Samantha Gordon is certainly not the first girl to play Pop Warner football. If she continued to play, she would not be the first girl to play at the high school level. Many women have kicked and punted for high school and college teams. At least one woman, the younger sister of Jets’ center Nick Mangold, has played offensive linemen at the high school level. Placekick holder Patricia Palinkas was the first woman to play professional football in a league made up predominantly of men; she held the football for her husband, Steven Palinkas, for the minor league football team, the Orlando Panthers.
What is different about Samantha Gordon is that, at least at the age of nine, she’s really good, and not as a kicker, punter or placekick holder. Gordon plays running back, some quarterback, and some defense. She takes hits and gives hits, and consistently outruns all the boys on the team, whose best chance for stopping her appears to be to pull her hair.
Research by gender scholars demonstrates that it is much easier for girls to enter the domain of boys than it is for boys to act girlish. Right now, Samantha Gordon is reaping the rewards that society often gives to girls who demonstrate mastery of “masculine” activities. Tomboyish tendencies in girls usually come to an end around puberty, when the pressure on young girls and boys to fit in rather than stand out is turned on full force. Who knows whether Gordon will choose to continue playing football into middle school, high school or college? Who knows if the talent she seems to demonstrate at this early age will continue? But what if it did? Could Samantha Gordon play in the NFL?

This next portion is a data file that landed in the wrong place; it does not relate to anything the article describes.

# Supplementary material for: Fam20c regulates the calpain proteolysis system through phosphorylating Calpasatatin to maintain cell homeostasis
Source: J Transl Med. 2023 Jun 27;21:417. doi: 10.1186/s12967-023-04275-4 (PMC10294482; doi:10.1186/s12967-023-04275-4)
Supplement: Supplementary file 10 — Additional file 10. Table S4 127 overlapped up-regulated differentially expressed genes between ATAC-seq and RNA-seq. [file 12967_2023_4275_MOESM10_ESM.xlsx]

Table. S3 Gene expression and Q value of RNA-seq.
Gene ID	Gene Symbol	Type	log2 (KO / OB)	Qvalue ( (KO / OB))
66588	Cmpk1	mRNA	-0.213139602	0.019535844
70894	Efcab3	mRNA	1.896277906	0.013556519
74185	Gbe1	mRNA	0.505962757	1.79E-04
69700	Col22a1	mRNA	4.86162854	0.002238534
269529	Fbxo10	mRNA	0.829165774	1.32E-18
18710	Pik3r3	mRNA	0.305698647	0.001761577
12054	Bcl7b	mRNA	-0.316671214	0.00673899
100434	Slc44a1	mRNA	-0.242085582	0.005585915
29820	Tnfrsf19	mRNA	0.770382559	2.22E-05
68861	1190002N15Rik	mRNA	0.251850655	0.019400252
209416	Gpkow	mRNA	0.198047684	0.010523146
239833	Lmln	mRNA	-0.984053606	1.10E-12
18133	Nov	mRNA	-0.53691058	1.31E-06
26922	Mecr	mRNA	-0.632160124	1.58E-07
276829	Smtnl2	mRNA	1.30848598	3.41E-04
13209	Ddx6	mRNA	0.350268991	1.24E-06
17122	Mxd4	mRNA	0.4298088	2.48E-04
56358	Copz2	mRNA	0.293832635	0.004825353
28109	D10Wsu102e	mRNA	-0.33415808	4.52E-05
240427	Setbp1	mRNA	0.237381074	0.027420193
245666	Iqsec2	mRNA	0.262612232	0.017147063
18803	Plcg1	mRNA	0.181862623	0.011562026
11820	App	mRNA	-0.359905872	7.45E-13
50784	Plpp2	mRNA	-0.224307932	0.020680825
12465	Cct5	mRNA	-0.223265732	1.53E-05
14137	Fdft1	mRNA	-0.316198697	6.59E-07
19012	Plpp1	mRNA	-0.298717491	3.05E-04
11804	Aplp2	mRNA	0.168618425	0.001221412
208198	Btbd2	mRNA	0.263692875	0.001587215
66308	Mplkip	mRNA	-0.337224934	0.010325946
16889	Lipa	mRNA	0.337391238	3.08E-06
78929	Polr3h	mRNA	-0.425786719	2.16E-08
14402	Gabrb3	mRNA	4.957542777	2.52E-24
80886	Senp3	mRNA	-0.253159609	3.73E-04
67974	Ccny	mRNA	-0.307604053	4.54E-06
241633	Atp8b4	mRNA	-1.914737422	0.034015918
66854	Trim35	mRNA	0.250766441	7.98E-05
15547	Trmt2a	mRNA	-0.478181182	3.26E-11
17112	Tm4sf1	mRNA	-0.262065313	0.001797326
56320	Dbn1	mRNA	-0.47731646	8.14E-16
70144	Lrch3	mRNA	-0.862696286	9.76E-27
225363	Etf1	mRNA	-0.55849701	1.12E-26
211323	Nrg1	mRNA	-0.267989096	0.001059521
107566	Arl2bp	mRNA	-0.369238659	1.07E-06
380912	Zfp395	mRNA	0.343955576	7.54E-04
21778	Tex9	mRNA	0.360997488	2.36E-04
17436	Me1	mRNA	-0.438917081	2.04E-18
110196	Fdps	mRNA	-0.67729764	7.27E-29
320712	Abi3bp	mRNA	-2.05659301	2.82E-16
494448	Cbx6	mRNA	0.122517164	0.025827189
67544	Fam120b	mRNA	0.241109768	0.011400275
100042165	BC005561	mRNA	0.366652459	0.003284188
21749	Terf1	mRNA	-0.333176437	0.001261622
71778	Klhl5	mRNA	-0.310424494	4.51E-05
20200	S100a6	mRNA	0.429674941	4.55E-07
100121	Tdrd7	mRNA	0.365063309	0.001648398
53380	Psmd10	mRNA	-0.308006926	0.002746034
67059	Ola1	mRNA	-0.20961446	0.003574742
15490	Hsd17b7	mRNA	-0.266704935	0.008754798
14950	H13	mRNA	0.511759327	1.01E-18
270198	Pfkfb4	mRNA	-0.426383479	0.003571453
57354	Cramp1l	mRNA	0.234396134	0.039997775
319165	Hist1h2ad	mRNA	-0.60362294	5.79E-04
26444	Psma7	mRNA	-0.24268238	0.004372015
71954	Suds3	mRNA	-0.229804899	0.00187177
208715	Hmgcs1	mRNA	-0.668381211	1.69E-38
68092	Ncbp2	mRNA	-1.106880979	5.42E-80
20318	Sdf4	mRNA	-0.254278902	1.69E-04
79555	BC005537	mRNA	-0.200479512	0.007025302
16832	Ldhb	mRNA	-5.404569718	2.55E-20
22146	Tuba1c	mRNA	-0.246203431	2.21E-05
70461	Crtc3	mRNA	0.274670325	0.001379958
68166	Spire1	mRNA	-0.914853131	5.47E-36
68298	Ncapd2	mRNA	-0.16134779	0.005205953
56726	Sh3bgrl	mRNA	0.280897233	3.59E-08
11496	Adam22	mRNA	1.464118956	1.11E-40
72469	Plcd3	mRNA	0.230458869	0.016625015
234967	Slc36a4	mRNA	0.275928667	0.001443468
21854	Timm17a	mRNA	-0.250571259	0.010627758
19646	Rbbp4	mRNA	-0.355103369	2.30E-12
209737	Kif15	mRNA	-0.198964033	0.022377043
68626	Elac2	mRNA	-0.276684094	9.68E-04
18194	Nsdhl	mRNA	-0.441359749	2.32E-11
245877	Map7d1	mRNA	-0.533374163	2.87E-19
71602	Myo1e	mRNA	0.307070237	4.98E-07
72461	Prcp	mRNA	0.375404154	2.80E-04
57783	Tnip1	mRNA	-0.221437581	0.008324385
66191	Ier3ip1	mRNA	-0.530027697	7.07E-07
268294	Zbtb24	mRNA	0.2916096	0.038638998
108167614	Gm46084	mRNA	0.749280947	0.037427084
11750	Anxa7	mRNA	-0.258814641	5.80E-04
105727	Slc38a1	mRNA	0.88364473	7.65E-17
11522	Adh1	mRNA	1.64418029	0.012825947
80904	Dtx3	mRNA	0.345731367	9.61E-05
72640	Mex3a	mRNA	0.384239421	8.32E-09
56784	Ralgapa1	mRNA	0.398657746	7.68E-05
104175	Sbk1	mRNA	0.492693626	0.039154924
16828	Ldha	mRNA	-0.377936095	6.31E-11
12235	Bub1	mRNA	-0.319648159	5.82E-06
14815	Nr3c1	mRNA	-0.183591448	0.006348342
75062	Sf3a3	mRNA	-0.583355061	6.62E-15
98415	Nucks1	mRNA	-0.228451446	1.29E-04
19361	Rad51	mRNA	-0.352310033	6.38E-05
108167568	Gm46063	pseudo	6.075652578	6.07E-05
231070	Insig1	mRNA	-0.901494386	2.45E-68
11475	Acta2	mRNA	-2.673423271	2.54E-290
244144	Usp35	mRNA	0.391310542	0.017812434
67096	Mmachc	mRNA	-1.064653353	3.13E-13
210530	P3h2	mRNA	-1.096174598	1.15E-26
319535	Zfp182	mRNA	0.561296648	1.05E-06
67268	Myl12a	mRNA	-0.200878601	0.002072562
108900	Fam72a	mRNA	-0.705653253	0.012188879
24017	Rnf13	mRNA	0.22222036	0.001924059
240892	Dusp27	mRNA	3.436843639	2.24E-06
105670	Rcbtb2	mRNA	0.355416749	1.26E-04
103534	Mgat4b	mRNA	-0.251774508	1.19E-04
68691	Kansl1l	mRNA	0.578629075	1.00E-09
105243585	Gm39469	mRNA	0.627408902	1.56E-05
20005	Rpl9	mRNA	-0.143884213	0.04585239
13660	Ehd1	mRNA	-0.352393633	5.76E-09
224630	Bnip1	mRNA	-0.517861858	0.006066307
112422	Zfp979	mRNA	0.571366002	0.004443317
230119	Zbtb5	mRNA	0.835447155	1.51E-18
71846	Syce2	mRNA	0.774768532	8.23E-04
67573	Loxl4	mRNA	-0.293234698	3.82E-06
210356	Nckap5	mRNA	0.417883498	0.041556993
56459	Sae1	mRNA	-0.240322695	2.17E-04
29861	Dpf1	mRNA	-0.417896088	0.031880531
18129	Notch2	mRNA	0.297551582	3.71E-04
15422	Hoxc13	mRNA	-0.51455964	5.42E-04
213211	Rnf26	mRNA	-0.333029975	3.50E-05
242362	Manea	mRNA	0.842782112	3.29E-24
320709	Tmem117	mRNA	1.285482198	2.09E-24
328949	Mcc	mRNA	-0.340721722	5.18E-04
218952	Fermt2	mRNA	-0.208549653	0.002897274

One of the questions I often ask students in my sociology of gender course is: Why are sports segregated on the basis of gender in the first place? What would the sports world look like if we did not segregate our sports by gender? Would there be men playing in the Lingerie Football League?
Suppose, I ask them, all professional sports followed the model of Major League Baseball or wrestling. Instead of the NBA and the WNBA, there would instead be various tiers based on ability or weight class. Teams would be organized not by gender, but by ability. Would any women play in the very top tier leagues? Would Samantha Gordon be able to play in the NFL, or would she be confined to the C or D league professional football teams, along with a small scattering of talented women?
Most students–both women and men–argue quite vehemently that no women would be able to compete at the top level. They are physically incapable of competing with the best men; they simply do not have the athletic ability. This argument assumes that everyone who plays at the elite level of professional sports is there solely because of superior athletic ability. Certainly, it would be hard to play in the NFL, MLB, NHL or NBA with no athletic ability at all; but surely work ethic, sports intelligence, motivation and (dare I suggest?) who you know might also have something to do with it?